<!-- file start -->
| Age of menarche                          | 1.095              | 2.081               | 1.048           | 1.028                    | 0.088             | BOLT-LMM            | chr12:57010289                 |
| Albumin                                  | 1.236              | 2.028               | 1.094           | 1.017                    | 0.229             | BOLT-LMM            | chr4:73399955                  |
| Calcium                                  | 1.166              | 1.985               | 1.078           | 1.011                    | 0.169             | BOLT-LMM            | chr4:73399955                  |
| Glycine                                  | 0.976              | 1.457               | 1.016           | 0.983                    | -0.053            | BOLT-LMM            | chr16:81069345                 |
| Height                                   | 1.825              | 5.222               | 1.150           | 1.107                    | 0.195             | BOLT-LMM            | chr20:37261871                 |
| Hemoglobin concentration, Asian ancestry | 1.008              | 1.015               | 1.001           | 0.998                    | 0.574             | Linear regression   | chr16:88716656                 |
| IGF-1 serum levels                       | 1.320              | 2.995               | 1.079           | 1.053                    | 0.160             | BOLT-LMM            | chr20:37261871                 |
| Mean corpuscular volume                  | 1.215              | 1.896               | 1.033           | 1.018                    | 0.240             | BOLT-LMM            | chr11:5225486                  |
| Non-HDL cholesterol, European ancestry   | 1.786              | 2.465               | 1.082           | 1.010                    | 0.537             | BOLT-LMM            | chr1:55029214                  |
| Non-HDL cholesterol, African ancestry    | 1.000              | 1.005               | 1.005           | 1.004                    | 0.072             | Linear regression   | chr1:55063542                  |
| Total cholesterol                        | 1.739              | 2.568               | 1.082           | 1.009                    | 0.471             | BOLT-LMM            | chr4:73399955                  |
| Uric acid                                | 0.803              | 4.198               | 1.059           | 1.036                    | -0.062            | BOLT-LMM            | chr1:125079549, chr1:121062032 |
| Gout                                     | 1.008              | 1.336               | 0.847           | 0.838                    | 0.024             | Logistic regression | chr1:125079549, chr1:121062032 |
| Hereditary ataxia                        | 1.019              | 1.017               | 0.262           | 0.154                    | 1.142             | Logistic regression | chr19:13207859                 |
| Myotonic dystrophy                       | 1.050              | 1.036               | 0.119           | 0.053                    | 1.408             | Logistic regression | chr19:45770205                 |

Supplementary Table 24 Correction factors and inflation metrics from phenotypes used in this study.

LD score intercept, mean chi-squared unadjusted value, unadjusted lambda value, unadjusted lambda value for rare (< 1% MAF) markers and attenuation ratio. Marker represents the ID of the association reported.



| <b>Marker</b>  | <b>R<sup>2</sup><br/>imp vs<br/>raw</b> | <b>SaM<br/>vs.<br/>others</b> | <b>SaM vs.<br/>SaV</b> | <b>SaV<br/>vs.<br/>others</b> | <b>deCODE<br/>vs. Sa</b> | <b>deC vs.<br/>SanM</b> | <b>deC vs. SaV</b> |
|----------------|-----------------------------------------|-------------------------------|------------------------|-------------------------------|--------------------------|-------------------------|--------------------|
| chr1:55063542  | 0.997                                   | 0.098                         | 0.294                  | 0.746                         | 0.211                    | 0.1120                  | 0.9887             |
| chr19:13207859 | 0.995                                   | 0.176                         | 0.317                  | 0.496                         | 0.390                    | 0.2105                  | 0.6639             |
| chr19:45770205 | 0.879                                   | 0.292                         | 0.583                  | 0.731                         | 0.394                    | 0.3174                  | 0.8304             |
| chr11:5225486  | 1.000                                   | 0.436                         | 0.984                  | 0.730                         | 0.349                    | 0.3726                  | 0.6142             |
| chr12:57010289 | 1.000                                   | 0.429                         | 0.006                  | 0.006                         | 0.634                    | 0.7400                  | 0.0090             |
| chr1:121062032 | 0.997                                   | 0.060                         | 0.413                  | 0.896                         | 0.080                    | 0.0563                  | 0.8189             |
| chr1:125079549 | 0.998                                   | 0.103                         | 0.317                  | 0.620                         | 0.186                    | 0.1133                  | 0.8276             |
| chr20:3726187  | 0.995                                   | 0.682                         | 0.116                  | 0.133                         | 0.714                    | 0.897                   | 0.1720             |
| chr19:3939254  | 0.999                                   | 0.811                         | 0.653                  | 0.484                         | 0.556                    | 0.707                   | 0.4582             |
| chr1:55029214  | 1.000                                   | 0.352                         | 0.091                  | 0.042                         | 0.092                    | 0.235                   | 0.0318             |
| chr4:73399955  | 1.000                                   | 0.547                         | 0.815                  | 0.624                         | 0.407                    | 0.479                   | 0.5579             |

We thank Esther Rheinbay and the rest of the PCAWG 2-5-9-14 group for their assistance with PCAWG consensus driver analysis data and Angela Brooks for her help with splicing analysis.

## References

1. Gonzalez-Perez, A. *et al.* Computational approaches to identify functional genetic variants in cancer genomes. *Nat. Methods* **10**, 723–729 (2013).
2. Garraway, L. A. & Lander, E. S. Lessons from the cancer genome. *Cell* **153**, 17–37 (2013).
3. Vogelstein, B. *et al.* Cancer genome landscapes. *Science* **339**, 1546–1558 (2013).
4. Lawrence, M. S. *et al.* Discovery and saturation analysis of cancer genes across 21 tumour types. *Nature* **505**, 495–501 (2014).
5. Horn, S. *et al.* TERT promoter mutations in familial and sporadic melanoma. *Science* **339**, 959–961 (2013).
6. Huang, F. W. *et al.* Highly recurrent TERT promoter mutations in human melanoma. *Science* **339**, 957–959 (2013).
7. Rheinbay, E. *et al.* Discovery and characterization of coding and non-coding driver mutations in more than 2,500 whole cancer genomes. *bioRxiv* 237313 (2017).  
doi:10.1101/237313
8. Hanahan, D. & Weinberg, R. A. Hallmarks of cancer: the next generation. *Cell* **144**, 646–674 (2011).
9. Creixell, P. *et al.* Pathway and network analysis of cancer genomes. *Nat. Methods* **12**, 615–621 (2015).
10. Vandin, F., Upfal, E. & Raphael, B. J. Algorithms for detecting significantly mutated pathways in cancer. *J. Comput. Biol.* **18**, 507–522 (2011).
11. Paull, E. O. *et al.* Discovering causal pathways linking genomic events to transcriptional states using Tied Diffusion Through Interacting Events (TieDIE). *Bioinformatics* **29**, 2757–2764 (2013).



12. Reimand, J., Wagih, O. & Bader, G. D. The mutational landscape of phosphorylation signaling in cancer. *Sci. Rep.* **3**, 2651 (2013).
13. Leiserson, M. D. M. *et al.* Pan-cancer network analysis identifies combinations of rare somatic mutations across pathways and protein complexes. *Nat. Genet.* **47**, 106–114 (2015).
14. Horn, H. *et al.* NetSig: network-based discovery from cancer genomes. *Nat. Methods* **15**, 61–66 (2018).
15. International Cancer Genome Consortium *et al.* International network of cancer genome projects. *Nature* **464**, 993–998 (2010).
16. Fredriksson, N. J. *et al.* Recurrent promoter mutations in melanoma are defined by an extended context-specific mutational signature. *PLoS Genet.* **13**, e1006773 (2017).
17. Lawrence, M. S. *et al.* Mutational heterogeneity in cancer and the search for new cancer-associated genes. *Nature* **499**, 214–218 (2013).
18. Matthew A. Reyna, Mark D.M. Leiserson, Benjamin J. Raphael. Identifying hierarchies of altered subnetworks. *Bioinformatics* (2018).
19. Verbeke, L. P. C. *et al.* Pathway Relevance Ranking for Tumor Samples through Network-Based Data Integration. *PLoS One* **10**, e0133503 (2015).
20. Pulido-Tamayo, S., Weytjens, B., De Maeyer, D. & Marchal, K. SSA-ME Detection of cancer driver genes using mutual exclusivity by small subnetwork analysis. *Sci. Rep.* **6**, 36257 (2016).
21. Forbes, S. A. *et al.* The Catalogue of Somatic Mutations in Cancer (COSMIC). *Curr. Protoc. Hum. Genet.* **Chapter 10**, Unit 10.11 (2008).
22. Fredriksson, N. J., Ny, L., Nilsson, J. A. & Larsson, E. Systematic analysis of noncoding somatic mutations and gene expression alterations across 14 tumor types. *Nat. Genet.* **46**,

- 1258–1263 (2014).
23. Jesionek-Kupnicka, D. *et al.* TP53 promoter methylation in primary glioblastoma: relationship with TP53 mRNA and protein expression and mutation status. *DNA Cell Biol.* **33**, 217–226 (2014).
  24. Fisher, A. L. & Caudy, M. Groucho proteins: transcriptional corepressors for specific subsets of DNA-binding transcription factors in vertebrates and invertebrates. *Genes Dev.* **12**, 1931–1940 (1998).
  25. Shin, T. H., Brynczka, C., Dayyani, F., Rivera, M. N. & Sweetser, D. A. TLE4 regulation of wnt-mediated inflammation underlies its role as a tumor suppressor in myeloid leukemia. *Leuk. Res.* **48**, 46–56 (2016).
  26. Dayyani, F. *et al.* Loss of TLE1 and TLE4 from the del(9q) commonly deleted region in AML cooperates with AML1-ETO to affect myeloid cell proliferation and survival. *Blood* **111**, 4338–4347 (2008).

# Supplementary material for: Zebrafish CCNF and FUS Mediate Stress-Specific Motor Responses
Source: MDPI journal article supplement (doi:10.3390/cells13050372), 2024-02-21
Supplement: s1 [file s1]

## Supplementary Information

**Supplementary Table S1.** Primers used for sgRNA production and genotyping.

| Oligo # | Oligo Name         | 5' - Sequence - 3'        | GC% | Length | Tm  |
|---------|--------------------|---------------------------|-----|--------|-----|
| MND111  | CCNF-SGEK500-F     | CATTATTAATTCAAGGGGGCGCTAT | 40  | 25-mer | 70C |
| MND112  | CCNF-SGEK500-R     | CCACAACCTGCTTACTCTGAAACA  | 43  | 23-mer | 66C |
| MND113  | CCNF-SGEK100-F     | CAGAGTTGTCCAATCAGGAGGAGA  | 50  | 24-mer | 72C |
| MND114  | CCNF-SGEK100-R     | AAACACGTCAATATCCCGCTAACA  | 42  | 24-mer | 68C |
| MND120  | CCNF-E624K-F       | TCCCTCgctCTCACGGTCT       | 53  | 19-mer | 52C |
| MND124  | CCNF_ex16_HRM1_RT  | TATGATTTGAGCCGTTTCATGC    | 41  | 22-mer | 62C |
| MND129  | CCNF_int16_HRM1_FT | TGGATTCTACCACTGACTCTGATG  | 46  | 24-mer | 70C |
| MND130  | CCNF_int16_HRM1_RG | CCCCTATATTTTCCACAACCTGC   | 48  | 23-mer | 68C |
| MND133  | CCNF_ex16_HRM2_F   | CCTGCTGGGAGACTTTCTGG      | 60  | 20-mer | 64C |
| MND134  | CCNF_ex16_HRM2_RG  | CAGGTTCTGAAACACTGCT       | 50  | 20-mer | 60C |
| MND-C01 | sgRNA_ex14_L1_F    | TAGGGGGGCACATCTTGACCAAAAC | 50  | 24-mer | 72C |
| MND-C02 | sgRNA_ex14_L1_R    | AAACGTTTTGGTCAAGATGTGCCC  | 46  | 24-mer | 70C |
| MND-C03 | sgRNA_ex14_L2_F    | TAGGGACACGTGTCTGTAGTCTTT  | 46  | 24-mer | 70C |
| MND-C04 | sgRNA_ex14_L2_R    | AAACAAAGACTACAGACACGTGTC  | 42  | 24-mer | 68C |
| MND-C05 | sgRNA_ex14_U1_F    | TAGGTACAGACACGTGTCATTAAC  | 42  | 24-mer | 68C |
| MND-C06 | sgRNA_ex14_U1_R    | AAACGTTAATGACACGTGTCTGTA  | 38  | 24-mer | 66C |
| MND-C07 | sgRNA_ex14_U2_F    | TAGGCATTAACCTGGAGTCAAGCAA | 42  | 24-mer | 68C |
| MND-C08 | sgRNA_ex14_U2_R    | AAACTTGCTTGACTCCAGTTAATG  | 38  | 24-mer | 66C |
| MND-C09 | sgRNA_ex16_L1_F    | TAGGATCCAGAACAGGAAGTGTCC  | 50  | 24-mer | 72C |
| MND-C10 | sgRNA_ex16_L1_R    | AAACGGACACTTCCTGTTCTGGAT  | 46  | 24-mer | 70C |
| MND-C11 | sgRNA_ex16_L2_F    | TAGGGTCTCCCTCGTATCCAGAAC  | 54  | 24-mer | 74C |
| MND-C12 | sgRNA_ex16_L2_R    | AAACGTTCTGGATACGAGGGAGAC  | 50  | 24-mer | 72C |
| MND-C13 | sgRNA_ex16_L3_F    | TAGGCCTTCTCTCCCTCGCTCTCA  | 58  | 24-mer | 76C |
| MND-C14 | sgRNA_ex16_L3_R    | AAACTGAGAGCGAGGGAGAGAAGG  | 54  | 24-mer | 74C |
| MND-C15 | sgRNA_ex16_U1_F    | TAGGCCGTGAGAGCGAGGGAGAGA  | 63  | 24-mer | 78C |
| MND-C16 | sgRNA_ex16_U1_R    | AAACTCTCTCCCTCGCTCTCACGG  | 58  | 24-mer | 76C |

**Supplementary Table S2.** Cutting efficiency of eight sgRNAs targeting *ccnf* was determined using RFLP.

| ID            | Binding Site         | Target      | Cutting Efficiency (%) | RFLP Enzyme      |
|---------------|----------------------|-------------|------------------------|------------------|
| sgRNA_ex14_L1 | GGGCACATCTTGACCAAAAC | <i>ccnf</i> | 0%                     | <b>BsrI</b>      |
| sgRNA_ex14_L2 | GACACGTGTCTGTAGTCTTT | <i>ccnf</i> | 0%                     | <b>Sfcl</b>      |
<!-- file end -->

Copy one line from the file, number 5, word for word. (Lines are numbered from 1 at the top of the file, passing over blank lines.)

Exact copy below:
| Height                                   | 1.825              | 5.222               | 1.150           | 1.107                    | 0.195             | BOLT-LMM            | chr20:37261871                 |